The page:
London, May 2017
Slow boat from China
It has never been easier to ship cargoes around the globe. Bank Leumi (UK) PLC's Head of International Trade Services, John Edwards, looks at the issues that importers and exporters are currently facing.
When Hong Kong registered container ship the CSCL Globe docked at Felixstowe in January 2015 on its maiden voyage from China, it was a sign of things to come.
With a capacity of 19,000 containers, it was the biggest container ship in the world. A few weeks later, the MSC Oscar docked at the same port. It had the capacity to carry around 120 more containers than the CSCL Globe. Both ships are big enough to carry more than a million washing machines.
The largest shipping companies are investing in massive vessels, and ports are investing in docks to take them. Meanwhile, smaller ships continue to sail. Capacity is subject to cyclical and seasonal variations, but is readily available, meaning it has never been easier to transport goods.
The reason why CSCL Globe serves as an allegory is this: it demonstrates both the huge influence of China's economic might on international trade, and it also shows the technological future of shipping.
China has a huge effect on the international economy and a direct effect on trade. The steel industry is a prime example.
China is the world's largest steel producer, accounting for half of world output, and its mills import huge quantities of iron ore for use in production. This influences the amount of shipping capacity available in the market as well as the price of steel itself. Should China decide, as well they might, that they wish to spend a period of time using the steel they produce rather than exporting it, both the price and internal shipping patterns would shift.
China's demand is potentially so high it can impact the price of any commodity. For example, UK wool exports to China doubled in 2014/2015. Now around a third of UK wool production is exported to China and 48% to mainland Europe. If demand weakens in those economies, it will have a significant impact on world prices for wool.
We cannot alter China's trade preferences, but we can help our customers deal with the challenges that dealing with such a large economic power throws up. For example, getting a container ship loaded or unloaded at a Chinese port during Chinese New Year is simply not possible. The whole nation slows considerably for the celebration. Factories gear up their production prior to New Year, before winding down, then starting up again. Things do not get back to normal until after the backlog at the ports has cleared.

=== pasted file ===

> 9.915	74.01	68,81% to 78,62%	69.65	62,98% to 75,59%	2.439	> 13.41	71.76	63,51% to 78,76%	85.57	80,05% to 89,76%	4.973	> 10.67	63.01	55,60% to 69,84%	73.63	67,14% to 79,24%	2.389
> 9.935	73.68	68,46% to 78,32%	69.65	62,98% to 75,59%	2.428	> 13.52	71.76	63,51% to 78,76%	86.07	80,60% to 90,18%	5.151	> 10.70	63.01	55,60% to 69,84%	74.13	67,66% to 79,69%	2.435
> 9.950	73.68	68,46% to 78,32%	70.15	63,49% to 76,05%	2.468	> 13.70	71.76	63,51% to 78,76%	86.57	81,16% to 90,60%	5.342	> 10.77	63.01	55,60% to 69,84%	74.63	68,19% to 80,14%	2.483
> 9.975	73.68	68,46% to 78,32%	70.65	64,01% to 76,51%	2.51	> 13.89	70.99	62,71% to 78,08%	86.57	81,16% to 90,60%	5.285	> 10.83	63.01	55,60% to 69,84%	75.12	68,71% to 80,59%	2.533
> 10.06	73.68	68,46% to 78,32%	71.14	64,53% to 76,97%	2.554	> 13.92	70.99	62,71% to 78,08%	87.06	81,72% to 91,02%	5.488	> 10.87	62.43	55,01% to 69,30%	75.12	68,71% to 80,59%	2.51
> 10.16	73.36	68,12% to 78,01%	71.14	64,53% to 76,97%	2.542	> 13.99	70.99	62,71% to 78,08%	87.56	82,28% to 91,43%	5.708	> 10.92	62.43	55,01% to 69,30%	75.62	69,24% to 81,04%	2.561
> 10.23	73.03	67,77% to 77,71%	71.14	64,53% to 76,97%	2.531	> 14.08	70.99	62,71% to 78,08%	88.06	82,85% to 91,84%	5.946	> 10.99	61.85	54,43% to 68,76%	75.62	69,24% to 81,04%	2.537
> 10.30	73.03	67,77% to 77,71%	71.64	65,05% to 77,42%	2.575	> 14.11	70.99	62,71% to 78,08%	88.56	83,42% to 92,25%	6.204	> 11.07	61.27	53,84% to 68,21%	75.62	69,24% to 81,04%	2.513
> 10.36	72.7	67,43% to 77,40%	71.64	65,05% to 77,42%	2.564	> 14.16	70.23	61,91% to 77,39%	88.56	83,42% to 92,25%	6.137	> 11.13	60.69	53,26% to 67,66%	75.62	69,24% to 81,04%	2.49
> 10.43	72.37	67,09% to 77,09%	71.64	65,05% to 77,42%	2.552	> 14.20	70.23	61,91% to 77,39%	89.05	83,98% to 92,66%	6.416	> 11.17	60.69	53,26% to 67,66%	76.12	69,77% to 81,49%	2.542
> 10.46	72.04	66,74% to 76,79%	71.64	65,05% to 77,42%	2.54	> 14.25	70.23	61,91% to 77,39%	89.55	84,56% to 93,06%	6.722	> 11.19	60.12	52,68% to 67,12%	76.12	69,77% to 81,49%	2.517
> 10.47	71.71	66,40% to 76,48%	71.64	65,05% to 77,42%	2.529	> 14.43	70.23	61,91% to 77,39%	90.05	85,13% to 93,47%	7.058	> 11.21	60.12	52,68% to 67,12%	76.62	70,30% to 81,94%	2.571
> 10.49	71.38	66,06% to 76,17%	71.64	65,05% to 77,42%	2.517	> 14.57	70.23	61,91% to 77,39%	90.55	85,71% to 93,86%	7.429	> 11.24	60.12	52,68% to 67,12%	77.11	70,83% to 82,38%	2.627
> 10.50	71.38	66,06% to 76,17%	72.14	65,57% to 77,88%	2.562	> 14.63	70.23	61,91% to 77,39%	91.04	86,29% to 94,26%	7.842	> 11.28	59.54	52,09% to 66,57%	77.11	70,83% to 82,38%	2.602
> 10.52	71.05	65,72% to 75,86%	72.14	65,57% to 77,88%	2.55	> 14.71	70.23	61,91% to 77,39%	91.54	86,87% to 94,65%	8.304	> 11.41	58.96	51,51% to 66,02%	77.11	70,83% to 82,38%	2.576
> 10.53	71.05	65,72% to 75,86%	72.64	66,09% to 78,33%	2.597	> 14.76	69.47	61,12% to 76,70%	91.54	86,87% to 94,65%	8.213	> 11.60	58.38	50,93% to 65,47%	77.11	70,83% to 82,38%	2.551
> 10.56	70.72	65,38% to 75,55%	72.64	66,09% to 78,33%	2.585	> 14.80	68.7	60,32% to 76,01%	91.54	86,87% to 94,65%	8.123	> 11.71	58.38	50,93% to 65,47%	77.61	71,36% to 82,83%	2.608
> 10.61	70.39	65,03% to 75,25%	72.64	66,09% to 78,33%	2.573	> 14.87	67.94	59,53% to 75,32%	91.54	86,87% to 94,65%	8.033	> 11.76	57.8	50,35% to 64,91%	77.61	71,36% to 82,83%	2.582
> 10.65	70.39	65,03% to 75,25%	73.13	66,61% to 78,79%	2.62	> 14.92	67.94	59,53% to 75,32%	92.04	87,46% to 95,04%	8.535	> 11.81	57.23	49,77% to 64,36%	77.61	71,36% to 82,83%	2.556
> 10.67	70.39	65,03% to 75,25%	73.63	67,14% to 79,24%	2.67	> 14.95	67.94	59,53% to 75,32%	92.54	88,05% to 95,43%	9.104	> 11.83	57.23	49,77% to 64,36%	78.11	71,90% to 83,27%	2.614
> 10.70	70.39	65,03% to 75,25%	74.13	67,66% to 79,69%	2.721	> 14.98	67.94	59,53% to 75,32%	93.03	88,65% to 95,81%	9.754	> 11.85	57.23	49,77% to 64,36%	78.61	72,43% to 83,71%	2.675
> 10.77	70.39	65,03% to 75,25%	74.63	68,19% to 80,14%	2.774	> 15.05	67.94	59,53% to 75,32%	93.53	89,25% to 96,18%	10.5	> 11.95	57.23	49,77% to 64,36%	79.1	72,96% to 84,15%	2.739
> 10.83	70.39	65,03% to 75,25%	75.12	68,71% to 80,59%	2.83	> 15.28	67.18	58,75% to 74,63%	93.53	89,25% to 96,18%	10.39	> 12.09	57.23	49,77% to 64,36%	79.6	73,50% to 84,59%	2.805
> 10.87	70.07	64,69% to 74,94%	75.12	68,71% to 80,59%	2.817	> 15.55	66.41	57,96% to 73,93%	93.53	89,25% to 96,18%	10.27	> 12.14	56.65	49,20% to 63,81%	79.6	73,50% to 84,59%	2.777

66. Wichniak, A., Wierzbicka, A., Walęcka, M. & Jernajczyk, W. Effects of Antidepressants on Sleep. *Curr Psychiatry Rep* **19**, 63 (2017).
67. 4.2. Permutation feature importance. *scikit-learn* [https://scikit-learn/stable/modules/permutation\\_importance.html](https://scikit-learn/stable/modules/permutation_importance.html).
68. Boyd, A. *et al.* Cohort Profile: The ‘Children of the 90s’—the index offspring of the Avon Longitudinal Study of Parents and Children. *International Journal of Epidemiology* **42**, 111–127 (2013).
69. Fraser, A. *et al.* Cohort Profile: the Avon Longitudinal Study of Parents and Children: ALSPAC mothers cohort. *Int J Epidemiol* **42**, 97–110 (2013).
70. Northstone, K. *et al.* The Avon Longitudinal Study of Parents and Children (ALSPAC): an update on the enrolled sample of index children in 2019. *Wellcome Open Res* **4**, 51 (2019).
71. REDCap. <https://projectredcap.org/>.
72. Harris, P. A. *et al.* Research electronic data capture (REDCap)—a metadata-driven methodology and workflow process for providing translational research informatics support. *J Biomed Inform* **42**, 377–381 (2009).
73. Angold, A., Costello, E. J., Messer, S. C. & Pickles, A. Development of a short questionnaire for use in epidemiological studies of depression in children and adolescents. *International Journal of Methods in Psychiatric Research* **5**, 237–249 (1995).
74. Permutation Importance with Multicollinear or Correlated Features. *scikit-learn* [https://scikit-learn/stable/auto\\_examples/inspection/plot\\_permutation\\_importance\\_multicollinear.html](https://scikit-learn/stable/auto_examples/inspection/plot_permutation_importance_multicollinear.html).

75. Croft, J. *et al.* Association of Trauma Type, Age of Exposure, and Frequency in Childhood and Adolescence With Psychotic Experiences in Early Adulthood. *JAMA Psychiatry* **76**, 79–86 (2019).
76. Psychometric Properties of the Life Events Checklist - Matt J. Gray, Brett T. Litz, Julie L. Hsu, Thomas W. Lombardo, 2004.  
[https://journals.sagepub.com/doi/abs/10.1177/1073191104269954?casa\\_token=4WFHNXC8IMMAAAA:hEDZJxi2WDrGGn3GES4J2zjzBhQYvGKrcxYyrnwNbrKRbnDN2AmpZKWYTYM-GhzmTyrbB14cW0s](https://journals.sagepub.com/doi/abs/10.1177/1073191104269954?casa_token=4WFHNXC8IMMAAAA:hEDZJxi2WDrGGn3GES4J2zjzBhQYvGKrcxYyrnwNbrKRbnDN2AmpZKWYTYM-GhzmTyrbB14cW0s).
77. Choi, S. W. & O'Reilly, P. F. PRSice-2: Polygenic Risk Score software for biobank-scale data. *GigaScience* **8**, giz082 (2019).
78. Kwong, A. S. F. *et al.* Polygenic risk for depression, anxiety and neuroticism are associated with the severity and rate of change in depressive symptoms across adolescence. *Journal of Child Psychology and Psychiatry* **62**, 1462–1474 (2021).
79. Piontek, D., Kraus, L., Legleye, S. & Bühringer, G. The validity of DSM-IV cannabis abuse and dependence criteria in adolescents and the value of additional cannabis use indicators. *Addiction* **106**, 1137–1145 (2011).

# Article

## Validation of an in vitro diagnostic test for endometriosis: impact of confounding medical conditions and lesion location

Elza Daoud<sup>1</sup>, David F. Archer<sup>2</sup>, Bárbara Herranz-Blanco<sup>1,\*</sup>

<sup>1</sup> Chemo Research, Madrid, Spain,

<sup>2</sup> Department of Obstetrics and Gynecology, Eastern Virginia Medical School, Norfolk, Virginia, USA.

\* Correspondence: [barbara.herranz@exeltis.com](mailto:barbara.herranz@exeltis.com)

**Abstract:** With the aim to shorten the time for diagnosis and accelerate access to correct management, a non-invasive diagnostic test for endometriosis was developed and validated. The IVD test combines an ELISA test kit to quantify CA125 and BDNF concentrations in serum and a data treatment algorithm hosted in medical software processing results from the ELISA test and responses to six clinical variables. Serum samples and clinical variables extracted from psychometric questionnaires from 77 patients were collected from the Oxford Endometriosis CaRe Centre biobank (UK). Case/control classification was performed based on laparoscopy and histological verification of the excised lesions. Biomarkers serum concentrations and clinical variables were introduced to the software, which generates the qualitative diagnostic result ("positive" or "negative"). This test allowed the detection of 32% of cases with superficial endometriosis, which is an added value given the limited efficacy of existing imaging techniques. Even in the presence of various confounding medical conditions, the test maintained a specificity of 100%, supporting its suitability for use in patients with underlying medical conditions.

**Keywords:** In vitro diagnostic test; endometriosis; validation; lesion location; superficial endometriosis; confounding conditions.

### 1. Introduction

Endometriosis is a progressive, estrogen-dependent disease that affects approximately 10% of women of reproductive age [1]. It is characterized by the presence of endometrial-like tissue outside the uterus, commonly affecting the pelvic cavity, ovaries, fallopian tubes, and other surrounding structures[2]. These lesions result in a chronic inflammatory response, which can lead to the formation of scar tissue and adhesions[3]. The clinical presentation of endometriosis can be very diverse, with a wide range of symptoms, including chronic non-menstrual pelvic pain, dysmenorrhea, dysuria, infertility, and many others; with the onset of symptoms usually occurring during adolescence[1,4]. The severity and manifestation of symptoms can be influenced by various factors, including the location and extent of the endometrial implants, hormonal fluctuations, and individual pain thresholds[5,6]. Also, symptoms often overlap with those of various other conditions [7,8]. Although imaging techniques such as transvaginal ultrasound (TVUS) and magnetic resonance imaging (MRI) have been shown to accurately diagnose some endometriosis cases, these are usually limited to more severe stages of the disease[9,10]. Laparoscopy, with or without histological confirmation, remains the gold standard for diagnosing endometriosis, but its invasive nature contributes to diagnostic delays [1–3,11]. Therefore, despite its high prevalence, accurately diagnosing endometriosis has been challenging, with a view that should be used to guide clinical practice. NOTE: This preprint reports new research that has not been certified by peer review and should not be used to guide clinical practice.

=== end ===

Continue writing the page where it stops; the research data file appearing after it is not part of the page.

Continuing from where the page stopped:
This has relevance to UK importers who either need constant imports from China, or are reliant upon imports for the UK spring and early summer season. We can help by offering seasonal finance deals to allow businesses to import greater quantities prior to the slow down.
Our clients ship to and from countries all over the world, so we are aware of the features and quirks of international trade across the board, and are able to offer bespoke solutions for dealing with them.
On the face of it, shipping looks low tech. Goods are loaded and transported around the world, with the ships becoming ever larger in scale. However, it is in the loading and the unloading that technological advances have been made. Computer-operated cranes now simultaneously load and unload ships with absolute space-saving precision. A job that once took days now takes hours.
Similar efficiencies are on the horizon for the paper trail that underpins trade. Shipping is still document-heavy with every consignment evidenced by a paper bill of lading. Blockchain technology is poised to revolutionise that. Soon, we will be transferring ownership with absolute security at the touch of a button.
Although such improvements in efficiency and security are clearly beneficial we are, nevertheless, very much aware that the fundamentals of trade, trade finance and customer relationships have remained much the same for centuries.
The tools that we use may become smarter, and the volumes that can be moved in one shipment may continue to grow, but it does not change the fact that the aim of importers and exporters is to source goods and products and move them through international supply chains to their ultimate point of sale. Our aim is to provide a responsive, bespoke banking service to help them do so.
John Edwards, Head of International Trade Services
+44 (0)20 3772 1700